Having an efficient back office is key if you want to stay profitable and grow. The importance of the back office becomes more important as you start adding leased drivers to your operation. You have a couple options.

One option is to do it yourself. You can run your business of the cab of your truck. All you need is a laptop, the Internet, and a printer. You will need accounting software to run your business. There are several options on the market. One well-known solution is Truckbytes, which offers a free entry-level package.

Alternatively, you can outsource your back office to a dispatcher. However, they can be expensive. If you choose this route, interview them thoroughly. The wrong dispatcher can kill your business.

7. Avoid cash flow problems

Trucking is a cash flow intensive business. You are always buying fuel, making insurance payments, truck payments, and so on. Unless you get quick pays, shippers and brokers can pay invoices in 15 to 30 days. Sometimes they take 45 days. This can create a cash flow problem for you, especially in the early days of the business.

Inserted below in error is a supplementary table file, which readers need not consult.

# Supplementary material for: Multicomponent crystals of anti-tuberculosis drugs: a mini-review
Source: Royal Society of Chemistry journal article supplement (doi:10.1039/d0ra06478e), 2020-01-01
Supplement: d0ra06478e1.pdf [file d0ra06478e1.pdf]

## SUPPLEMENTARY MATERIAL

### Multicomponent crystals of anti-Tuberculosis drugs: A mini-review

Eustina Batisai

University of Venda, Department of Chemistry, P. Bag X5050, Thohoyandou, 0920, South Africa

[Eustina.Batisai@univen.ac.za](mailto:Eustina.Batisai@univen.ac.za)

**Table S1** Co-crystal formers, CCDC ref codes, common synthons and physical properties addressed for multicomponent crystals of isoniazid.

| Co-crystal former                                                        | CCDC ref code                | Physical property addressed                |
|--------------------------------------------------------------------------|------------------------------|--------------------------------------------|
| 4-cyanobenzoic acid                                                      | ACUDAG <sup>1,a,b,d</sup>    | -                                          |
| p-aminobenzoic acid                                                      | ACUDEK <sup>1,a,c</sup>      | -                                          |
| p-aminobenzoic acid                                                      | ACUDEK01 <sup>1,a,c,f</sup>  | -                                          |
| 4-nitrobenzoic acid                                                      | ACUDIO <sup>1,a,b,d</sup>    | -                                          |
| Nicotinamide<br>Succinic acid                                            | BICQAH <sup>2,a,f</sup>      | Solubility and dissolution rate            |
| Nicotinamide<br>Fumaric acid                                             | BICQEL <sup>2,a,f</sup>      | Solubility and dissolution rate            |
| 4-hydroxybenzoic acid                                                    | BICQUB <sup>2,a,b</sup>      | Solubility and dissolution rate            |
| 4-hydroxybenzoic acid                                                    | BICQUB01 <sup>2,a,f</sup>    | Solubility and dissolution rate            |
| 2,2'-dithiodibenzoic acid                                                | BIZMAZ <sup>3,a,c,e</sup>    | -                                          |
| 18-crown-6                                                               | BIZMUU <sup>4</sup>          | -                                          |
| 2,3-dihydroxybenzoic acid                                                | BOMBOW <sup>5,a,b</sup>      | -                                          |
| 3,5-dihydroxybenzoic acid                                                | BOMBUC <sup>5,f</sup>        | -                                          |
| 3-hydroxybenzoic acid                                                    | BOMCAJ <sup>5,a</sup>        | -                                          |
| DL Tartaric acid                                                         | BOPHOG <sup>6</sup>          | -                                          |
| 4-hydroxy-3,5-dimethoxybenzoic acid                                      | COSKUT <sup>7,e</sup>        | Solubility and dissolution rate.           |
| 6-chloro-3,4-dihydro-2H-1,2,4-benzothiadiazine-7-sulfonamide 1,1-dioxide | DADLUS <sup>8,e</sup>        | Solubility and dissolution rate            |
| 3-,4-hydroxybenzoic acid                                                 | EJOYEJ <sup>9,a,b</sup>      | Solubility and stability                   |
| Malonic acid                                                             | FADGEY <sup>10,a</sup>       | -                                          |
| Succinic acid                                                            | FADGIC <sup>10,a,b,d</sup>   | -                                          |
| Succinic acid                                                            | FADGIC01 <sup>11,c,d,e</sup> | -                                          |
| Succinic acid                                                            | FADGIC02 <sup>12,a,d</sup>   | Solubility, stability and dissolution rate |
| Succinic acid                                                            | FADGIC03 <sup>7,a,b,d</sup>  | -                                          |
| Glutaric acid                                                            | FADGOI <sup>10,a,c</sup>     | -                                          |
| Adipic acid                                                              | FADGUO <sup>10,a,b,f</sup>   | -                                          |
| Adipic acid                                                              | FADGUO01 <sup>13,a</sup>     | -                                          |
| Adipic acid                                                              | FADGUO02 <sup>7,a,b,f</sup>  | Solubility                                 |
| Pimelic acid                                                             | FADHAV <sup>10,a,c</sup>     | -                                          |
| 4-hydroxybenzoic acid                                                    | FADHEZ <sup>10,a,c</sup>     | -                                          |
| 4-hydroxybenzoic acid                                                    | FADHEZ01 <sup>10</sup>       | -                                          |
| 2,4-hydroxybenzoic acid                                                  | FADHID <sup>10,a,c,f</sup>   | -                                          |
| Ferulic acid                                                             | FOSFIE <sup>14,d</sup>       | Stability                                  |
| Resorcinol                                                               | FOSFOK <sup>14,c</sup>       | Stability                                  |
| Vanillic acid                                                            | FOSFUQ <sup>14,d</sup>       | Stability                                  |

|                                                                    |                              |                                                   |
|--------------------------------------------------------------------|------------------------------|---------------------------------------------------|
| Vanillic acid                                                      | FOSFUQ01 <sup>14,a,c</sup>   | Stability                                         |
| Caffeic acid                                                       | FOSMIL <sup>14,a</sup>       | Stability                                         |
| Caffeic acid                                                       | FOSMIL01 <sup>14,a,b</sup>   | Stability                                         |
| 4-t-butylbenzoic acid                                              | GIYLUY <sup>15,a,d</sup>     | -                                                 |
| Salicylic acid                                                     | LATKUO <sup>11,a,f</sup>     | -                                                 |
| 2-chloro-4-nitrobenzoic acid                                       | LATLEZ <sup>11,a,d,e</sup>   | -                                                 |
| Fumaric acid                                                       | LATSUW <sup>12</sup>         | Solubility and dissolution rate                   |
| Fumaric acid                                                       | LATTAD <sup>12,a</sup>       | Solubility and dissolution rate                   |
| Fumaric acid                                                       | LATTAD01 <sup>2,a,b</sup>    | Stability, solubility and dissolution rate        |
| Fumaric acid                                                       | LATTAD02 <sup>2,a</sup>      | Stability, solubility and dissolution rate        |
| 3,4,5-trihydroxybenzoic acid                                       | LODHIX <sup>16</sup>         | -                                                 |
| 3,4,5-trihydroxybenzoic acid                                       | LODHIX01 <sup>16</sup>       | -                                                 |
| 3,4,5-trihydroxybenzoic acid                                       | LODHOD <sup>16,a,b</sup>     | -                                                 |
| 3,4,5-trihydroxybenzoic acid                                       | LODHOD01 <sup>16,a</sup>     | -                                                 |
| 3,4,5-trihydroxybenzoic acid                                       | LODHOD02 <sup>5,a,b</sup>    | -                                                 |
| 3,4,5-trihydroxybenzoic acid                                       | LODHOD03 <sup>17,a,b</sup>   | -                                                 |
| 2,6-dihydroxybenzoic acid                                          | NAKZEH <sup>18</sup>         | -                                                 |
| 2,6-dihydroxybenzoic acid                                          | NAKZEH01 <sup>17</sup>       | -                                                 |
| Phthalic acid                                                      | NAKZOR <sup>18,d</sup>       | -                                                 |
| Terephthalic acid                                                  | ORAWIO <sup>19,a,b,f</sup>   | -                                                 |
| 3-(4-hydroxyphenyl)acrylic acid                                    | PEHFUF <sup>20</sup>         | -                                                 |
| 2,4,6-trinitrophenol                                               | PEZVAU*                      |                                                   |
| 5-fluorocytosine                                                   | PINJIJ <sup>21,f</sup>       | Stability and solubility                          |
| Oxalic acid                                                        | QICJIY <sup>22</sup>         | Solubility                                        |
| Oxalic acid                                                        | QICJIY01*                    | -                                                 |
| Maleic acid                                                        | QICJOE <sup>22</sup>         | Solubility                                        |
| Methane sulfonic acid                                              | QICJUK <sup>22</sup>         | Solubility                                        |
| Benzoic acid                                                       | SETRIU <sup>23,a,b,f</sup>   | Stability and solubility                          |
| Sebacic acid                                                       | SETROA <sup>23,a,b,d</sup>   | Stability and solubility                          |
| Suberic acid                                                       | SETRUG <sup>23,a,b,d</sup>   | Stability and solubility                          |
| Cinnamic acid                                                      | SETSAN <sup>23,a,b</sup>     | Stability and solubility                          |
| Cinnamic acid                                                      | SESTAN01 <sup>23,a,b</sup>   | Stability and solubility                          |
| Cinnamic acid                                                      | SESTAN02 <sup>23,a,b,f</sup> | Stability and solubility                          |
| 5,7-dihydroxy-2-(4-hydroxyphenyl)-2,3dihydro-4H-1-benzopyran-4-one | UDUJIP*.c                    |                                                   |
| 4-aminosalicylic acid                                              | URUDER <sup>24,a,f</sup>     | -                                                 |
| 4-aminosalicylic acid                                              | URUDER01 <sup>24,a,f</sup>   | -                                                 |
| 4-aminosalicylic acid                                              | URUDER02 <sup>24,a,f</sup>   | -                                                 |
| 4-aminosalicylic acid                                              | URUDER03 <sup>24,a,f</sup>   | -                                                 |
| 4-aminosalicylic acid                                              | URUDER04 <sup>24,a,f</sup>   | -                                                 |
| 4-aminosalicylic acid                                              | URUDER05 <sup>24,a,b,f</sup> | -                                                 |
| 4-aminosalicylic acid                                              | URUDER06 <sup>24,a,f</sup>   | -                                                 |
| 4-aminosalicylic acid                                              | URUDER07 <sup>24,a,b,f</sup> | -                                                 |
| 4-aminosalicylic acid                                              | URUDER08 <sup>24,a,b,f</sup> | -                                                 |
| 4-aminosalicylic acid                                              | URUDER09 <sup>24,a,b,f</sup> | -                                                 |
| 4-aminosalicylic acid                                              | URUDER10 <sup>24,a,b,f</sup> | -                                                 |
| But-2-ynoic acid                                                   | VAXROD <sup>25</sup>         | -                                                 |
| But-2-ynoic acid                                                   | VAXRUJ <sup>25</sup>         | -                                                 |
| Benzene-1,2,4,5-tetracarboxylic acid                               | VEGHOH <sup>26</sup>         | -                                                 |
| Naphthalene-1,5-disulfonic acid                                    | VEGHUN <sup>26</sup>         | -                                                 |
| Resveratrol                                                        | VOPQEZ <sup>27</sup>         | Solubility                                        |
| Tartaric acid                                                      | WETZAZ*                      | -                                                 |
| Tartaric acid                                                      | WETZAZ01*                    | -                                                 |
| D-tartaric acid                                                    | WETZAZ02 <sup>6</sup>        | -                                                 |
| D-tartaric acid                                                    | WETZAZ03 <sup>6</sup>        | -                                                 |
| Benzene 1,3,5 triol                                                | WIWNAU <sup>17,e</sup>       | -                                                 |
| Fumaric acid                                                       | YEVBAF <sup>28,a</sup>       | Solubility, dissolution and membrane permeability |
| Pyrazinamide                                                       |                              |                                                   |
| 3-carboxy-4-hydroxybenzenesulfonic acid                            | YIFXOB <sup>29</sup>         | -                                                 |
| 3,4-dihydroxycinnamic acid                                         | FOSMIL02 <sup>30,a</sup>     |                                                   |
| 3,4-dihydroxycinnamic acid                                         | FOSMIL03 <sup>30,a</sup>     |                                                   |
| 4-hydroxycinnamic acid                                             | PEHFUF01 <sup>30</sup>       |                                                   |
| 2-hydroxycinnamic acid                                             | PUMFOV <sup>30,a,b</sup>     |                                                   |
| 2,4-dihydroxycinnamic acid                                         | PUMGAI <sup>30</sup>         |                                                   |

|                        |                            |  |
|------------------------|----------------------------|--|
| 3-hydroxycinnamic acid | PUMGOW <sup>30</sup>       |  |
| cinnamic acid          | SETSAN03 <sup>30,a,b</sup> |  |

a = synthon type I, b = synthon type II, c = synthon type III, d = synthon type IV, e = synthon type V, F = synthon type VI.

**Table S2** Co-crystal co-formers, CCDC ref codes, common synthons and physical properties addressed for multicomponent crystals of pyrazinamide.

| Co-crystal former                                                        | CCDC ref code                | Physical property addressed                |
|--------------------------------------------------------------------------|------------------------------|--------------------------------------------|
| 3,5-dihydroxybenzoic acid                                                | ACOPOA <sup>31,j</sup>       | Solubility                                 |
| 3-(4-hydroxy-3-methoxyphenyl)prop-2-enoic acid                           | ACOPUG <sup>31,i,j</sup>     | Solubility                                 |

Get all 10 tips by downloading the “10 Tips Everyone in Transportation Needs to Know Now” Booklet by going to www.10tipbook.com or clicking the image below.

ABOUT COMMERCIAL FLEET FINANCING, INC.  Commercial Fleet Financing, Inc. (CFF) located in Dallas, TX. CFF is celebrating its 23rd  year in business and provides financing for commercial fleet vehicles such as box trucks, cargo vans, big rigs, tow trucks, dump trucks and construction equipment. CFF is a 4-time winner of the 2014, 2015, 2016, 2017. Inc. Magazine Top 500/5000 Fastest Growing Private Companies in America.